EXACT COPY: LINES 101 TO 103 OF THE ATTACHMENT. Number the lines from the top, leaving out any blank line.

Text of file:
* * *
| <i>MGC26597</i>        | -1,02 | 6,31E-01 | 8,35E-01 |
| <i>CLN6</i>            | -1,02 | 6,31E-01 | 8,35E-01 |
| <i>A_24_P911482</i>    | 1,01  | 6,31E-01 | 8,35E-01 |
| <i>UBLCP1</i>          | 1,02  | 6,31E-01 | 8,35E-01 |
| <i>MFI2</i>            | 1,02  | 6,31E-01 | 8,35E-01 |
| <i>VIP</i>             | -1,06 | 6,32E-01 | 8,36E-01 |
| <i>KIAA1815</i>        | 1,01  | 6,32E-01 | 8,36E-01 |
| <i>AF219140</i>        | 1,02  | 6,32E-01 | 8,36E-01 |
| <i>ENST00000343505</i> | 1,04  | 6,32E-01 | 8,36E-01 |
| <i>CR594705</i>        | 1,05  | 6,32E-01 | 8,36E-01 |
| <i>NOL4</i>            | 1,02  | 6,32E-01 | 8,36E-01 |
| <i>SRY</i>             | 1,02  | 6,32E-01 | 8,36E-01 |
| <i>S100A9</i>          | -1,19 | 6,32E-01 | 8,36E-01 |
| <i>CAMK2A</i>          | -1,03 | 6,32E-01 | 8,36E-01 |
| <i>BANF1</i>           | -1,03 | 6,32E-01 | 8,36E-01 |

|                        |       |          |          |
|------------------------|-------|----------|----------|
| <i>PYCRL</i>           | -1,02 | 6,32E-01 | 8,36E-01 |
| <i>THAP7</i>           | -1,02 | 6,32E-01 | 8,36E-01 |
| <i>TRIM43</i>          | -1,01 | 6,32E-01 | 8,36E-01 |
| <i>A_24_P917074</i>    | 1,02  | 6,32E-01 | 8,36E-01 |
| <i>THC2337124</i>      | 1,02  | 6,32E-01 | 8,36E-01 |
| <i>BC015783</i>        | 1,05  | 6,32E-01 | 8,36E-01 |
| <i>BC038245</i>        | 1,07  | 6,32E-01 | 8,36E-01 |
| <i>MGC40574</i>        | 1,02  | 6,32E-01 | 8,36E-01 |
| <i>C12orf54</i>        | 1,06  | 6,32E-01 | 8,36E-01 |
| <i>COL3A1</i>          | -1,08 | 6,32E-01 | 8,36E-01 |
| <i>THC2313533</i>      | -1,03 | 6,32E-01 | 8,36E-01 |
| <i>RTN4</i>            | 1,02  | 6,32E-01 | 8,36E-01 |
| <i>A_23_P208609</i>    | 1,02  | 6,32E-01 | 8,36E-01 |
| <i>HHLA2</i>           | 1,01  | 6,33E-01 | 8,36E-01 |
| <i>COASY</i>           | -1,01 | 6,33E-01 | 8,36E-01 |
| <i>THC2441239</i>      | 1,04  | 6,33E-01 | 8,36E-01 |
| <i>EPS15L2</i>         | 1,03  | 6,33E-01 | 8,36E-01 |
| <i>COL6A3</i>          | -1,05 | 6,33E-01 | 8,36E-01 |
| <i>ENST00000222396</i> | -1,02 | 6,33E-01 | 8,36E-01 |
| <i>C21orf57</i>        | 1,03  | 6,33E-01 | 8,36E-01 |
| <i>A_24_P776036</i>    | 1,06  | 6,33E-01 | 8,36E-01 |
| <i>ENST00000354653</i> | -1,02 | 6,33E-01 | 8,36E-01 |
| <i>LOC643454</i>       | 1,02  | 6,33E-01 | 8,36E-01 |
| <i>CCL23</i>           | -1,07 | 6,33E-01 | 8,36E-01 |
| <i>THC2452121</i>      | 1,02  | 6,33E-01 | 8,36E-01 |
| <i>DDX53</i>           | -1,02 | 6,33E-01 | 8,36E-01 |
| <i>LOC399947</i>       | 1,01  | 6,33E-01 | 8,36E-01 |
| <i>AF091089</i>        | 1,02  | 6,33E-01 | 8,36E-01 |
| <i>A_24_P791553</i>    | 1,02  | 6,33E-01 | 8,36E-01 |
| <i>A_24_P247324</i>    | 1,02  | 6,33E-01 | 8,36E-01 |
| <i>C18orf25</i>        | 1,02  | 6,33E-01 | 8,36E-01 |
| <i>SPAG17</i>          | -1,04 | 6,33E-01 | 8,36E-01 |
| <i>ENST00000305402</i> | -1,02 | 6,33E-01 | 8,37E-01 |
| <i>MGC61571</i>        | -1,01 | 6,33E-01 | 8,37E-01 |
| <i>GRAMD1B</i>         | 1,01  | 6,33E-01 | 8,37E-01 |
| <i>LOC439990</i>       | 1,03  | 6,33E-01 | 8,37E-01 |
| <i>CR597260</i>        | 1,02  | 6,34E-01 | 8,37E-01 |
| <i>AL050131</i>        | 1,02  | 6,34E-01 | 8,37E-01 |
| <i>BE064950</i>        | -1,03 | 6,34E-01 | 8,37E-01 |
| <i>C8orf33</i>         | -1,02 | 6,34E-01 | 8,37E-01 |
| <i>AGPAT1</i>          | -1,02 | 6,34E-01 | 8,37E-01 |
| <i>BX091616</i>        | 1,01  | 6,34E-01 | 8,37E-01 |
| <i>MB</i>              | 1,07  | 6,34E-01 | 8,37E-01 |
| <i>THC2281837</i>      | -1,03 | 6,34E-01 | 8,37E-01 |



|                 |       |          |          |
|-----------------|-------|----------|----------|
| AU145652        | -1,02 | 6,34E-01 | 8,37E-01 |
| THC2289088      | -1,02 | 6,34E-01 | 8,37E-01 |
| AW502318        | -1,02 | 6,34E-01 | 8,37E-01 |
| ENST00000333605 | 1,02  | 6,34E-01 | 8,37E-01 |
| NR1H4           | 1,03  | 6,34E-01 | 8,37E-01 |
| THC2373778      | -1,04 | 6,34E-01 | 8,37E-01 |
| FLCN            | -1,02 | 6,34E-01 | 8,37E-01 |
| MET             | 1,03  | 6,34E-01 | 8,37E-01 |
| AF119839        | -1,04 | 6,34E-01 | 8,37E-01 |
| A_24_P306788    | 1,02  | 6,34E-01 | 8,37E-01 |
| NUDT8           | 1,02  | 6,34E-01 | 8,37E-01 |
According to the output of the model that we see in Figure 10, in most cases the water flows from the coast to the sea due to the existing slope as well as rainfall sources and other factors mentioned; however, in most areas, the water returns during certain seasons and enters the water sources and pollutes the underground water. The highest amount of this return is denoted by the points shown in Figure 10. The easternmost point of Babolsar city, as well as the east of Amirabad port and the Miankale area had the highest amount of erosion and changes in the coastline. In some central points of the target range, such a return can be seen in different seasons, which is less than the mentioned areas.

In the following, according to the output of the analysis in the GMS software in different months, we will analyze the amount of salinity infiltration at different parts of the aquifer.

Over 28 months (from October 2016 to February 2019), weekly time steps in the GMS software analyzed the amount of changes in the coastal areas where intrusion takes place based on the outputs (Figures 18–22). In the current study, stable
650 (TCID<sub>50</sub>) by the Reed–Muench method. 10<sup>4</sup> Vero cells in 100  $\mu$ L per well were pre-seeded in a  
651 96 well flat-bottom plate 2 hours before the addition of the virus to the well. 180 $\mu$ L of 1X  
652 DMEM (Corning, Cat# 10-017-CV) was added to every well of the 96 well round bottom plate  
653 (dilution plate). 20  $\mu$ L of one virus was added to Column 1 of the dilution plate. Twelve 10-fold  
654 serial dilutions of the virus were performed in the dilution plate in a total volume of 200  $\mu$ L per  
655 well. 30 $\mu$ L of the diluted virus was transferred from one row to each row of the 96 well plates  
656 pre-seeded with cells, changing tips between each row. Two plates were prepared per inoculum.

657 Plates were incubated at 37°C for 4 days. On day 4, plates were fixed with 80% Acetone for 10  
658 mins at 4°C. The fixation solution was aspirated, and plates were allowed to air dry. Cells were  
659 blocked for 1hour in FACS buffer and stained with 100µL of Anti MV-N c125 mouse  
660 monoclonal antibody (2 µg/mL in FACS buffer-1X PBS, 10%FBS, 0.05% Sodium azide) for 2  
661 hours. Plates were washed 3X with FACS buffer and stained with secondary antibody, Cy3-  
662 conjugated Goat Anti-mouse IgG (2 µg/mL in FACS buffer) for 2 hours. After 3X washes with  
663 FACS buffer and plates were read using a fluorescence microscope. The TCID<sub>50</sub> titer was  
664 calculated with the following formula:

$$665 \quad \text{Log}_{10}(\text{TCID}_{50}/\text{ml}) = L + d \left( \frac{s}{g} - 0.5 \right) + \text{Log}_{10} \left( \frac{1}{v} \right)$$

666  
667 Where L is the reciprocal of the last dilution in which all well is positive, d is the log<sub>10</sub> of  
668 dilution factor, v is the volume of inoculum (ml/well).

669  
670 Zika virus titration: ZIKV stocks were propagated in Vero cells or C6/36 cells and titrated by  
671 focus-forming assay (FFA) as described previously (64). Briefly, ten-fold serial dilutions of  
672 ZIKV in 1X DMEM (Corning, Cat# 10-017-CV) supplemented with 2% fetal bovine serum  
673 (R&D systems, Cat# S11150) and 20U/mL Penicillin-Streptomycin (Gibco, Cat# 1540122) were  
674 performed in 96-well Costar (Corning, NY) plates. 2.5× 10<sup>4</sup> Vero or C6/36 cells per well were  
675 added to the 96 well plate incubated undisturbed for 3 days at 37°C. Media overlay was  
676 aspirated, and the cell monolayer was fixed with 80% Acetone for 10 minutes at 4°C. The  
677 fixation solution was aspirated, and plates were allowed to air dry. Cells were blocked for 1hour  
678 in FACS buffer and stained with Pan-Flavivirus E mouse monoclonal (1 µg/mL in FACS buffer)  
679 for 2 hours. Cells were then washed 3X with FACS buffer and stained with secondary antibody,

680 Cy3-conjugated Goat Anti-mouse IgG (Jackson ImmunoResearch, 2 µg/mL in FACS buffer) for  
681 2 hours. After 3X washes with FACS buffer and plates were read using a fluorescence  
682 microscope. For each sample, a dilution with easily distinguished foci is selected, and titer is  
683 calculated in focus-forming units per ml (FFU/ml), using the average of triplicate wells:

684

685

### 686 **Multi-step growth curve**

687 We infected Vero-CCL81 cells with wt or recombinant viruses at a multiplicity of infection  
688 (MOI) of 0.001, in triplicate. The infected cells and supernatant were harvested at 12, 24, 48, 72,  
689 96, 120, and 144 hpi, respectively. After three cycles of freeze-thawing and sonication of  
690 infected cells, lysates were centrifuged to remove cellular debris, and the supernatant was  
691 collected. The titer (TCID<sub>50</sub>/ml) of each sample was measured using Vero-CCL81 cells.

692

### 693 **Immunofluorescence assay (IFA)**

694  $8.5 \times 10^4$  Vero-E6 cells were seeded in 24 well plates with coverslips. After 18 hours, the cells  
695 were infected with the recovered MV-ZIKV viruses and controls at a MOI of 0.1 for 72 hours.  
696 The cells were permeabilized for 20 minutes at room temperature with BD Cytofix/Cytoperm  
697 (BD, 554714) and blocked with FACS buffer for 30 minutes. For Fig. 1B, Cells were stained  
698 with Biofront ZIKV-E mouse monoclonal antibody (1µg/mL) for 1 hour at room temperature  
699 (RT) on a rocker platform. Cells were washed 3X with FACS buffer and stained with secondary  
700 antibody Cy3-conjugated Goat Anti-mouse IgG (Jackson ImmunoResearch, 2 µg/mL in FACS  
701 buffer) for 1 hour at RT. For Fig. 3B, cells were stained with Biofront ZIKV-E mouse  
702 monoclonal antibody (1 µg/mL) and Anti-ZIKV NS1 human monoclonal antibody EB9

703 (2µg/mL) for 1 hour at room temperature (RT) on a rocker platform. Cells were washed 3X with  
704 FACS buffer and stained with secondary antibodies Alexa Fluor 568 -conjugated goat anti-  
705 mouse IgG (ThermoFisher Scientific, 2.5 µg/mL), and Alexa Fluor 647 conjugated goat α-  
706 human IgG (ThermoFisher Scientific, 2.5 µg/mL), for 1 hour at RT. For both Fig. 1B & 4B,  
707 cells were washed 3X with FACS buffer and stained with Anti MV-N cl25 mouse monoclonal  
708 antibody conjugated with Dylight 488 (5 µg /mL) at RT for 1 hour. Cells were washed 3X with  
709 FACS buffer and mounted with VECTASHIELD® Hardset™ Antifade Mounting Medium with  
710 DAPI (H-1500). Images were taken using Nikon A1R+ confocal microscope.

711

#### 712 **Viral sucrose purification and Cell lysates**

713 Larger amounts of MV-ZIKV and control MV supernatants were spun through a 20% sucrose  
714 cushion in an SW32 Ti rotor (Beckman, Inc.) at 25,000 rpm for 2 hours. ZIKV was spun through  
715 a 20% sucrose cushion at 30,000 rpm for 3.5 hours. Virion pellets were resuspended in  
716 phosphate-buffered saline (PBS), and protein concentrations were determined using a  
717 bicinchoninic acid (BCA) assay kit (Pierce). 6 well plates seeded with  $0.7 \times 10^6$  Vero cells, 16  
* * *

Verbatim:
673 (R&D systems, Cat# S11150) and 20U/mL Penicillin-Streptomycin (Gibco, Cat# 1540122) were  
674 performed in 96-well Costar (Corning, NY) plates. 2.5× 10<sup>4</sup> Vero or C6/36 cells per well were  
675 added to the 96 well plate incubated undisturbed for 3 days at 37°C. Media overlay was  